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Texas Parenting News

What’s wrong with spanking?


Any regrets about how you raised Tommy?” asks Deidre, as she and friends plan his high school graduation party.

“Actually, yes,” says Theresa. “Probably the biggest is spanking him when he misbehaved.”

“Don’t feel so bad,” says Norma. “Our parents spanked us, right? And we turned out OK.”

“Yeah, but I remember how I felt while spanking him. I felt like a monster, and he was just a little guy,” says Theresa. “The memory still haunts me.”



Every parent has regrets because nobody is perfect. Some of us may spank just because our parents or grandparents did or because some authoritative source condones it. Spanking may have been the norm years ago, but we have more enlightened practices now.


Some reasons not to spank
Spanking may say more about a parent’s anger than about a child’s behavior. A child’s sassy backtalk or misbehavior can make us fly off the handle and may even lead to abuse.
Spanking says that violence solves problems. “If you don’t like something, just hit.” It says bigger is stronger and may be perceived as bullying.
Spanking damages the parent-child relationship, especially trust. A child views the parent as caring and protective. Spanking can create fear and lessen the parent’s influence.
Spanking can teach children to lie to avoid detection. “No, I didn’t take Annie’s doll. She must have lost it.” Nobody wants to suffer pain, and younger children don’t know that lying is wrong.
Spanking does not teach correct behavior. It can be especially confusing when a child is being spanked for hitting someone.

As parents, we need to examine what we consider misbehavior. With young children, it’s likely that they simply don’t know what acceptable behavior is or that they’re imitating what they see on TV or in others.

Children can make us angry at times. We need to remember that we are the adults, which means staying calm and thinking through a situation. It may require counting to 10, breathing deeply, and sitting quietly with the child.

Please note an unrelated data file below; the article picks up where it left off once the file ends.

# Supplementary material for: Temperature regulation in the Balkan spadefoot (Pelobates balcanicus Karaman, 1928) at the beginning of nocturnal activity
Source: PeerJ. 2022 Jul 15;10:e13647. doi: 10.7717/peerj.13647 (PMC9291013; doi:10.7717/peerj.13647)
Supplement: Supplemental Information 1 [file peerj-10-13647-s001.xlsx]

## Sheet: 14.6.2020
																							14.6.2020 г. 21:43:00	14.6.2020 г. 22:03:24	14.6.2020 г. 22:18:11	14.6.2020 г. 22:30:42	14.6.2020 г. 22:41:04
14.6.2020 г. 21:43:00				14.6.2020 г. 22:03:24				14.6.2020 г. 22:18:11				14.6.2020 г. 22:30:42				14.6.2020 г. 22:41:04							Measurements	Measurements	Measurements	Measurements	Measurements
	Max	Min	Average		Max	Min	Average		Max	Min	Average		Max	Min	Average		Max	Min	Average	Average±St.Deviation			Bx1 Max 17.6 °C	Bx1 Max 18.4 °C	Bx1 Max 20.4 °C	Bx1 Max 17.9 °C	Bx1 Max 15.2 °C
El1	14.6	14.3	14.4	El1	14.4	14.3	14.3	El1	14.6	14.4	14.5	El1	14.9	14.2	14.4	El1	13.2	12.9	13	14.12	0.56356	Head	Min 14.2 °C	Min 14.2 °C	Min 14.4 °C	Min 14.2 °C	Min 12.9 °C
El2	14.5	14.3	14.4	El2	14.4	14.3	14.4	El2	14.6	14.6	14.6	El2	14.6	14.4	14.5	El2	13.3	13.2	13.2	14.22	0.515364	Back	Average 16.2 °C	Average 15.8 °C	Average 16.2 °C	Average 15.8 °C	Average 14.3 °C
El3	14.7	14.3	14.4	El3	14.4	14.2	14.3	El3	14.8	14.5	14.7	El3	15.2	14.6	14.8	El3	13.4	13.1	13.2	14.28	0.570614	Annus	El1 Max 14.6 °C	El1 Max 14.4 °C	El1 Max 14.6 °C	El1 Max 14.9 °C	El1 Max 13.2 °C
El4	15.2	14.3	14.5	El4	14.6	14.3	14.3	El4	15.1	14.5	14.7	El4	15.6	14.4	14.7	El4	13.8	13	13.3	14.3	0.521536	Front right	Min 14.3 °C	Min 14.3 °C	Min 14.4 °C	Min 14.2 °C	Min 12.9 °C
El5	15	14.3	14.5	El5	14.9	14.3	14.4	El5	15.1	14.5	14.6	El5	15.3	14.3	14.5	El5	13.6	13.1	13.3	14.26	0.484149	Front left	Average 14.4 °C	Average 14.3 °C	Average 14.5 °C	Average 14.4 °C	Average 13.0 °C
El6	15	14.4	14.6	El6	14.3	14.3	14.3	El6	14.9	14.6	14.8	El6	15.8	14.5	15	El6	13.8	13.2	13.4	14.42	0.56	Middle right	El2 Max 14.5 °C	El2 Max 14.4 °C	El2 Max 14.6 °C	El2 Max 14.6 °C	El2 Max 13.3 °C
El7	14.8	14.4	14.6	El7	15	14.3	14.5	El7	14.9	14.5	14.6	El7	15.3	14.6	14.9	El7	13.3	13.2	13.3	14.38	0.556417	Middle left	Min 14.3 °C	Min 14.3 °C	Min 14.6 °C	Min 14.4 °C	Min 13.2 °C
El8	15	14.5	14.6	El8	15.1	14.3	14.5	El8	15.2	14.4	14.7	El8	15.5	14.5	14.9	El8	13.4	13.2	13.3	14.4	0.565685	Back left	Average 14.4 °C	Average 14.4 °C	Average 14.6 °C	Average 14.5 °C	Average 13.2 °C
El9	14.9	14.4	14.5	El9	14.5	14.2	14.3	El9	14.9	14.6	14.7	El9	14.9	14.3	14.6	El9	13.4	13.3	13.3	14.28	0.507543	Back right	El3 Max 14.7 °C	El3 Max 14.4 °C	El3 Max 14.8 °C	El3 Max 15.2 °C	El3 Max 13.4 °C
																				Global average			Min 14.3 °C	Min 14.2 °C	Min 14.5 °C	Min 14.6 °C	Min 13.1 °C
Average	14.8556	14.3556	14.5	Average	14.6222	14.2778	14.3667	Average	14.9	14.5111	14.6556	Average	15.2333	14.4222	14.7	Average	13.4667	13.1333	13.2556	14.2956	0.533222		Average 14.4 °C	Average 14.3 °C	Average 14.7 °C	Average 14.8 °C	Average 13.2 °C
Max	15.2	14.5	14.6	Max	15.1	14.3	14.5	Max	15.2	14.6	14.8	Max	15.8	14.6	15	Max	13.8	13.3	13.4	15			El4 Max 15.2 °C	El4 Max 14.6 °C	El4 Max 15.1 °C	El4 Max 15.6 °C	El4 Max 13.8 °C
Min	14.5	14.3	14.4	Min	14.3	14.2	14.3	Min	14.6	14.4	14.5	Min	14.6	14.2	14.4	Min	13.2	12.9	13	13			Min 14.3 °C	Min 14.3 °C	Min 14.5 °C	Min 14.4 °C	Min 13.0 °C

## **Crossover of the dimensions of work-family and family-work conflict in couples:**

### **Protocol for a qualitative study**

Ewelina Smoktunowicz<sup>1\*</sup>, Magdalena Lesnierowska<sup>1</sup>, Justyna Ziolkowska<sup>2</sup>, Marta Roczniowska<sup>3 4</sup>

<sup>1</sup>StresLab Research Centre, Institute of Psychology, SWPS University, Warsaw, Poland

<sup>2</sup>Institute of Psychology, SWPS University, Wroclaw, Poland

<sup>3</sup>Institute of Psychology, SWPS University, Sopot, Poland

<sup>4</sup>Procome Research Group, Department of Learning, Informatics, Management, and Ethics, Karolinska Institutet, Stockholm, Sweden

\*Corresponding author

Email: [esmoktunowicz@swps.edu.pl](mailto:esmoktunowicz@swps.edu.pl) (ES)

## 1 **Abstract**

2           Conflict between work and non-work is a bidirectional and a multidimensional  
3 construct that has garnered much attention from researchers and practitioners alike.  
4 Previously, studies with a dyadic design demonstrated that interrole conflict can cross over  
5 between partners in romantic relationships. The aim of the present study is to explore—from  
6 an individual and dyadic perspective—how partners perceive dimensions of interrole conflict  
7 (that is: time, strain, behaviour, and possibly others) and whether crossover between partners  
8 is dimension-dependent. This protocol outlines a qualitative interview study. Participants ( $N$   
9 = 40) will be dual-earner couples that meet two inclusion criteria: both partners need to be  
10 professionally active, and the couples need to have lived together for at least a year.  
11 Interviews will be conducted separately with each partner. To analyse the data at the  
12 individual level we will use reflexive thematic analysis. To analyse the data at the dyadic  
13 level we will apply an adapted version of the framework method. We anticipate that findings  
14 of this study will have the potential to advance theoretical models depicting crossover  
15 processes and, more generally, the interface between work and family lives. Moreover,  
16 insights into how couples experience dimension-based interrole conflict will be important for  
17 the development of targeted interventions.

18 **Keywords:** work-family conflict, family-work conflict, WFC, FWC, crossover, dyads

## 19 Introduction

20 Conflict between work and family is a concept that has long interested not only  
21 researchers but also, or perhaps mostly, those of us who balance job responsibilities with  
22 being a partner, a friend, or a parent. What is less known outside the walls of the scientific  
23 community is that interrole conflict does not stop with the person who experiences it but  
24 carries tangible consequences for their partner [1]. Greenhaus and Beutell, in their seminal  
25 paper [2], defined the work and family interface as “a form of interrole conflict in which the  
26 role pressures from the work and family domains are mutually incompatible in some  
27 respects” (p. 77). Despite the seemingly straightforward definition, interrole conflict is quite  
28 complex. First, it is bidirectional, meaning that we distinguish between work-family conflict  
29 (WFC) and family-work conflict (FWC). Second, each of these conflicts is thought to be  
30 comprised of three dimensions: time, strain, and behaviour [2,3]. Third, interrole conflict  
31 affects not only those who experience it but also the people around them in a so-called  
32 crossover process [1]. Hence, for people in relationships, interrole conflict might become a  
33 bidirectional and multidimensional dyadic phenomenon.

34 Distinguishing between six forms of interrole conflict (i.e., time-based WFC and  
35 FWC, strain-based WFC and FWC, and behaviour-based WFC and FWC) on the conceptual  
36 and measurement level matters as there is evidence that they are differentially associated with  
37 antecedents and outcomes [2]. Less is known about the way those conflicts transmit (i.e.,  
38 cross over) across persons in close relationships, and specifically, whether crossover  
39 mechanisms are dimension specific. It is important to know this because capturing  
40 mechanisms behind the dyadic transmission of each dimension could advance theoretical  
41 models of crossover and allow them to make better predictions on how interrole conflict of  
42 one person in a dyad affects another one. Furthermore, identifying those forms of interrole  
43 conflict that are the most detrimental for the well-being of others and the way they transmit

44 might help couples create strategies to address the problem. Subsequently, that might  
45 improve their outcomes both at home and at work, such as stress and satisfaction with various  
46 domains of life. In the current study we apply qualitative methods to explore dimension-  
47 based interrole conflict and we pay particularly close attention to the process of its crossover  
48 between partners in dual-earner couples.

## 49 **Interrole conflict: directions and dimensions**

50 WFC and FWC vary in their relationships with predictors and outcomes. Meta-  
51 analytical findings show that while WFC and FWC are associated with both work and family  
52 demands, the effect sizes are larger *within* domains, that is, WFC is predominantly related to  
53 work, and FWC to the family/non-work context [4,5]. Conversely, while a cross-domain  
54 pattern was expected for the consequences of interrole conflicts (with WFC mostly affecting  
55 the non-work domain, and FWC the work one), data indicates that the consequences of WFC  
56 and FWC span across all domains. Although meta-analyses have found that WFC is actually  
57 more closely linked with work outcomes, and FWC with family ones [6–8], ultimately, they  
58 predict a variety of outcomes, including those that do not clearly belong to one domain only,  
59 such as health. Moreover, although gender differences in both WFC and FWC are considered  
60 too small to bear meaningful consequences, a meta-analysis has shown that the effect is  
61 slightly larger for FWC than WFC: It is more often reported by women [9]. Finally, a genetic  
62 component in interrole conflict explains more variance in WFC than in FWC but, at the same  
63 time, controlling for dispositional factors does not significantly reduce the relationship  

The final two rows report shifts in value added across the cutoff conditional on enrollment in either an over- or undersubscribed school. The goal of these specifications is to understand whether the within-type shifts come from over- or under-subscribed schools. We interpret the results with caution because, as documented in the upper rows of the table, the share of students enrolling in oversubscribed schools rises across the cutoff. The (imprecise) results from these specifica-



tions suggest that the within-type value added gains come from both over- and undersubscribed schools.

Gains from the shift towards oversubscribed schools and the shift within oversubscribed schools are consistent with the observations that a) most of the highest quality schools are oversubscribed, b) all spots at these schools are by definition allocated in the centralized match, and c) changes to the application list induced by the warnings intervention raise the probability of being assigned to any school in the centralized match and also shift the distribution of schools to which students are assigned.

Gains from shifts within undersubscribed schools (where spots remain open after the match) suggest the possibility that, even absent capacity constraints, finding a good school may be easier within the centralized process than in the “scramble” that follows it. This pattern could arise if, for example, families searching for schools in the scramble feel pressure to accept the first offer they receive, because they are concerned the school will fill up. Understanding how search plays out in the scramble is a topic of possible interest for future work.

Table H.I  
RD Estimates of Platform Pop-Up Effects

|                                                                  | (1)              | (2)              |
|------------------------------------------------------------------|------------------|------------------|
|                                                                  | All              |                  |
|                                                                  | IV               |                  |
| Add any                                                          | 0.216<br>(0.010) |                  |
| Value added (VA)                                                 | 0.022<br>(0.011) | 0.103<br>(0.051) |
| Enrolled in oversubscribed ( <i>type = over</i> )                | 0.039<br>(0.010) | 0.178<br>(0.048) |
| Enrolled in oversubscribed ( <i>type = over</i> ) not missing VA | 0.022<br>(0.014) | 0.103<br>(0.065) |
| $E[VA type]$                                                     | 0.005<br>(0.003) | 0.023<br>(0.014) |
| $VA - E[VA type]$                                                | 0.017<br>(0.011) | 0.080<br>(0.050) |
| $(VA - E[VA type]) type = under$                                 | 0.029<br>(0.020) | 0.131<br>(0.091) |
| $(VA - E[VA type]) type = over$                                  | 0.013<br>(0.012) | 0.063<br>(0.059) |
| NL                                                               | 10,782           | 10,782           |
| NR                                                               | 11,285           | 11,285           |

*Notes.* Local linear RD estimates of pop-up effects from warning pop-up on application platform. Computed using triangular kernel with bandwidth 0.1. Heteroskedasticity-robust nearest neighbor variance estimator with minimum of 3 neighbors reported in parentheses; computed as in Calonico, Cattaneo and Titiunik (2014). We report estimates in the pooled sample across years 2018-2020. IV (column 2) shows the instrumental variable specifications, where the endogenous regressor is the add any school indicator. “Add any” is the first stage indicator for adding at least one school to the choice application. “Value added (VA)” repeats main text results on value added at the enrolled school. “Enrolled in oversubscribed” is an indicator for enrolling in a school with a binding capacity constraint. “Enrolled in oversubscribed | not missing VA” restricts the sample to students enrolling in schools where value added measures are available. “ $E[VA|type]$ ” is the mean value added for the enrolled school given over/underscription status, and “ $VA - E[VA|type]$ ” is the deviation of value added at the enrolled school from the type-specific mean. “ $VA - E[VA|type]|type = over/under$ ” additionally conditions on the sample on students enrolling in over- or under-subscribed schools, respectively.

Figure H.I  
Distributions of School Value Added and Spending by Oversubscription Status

To teach correct behavior, we need to say what we expect. “We speak respectfully to each other. Can you say what you want in a different way?” “We take turns playing with toys.” “We speak softly when the baby is asleep.”

We may have to repeat expectations and rules several times before children can remember them. It helps to demonstrate what we mean, such as stroking the cat gently instead of grabbing its tail. In some cases, we have the child correct a misbehavior, such has cleaning scribbles off the wall or paying us back for a broken window by giving up part of an allowance.

It’s also possible that children misbehave to get attention. We need to consider how we are showing our care and affection and perhaps spend extra time talking with the child about feelings and concerns.


When thunder roars, go indoors


With spring rain comes lightning, and lightning strikes can cause serious injury and even death. According to the National Weather Service, the threat increases as a thunderstorm approaches, continues while overhead, and diminishes as it leaves.

When you see or hear a thunderstorm approaching, don’t delay. Go indoors immediately. Children in an open soccer field or riding their bicycles in the street are in danger. Don’t seek shelter under a tree, in an open vehicle, or in a small shed or rain hut. You need to be in a substantial building or hard-topped vehicle.

About a third of lightning injuries occur indoors, so once inside, avoid contact with the following:
corded phones (cell phones are OK),
electrical equipment and electronics (don’t use your computer, TV, washer, dryer, or anything connected to an electrical outlet),
plumbing (no bathing), and
windows and doors.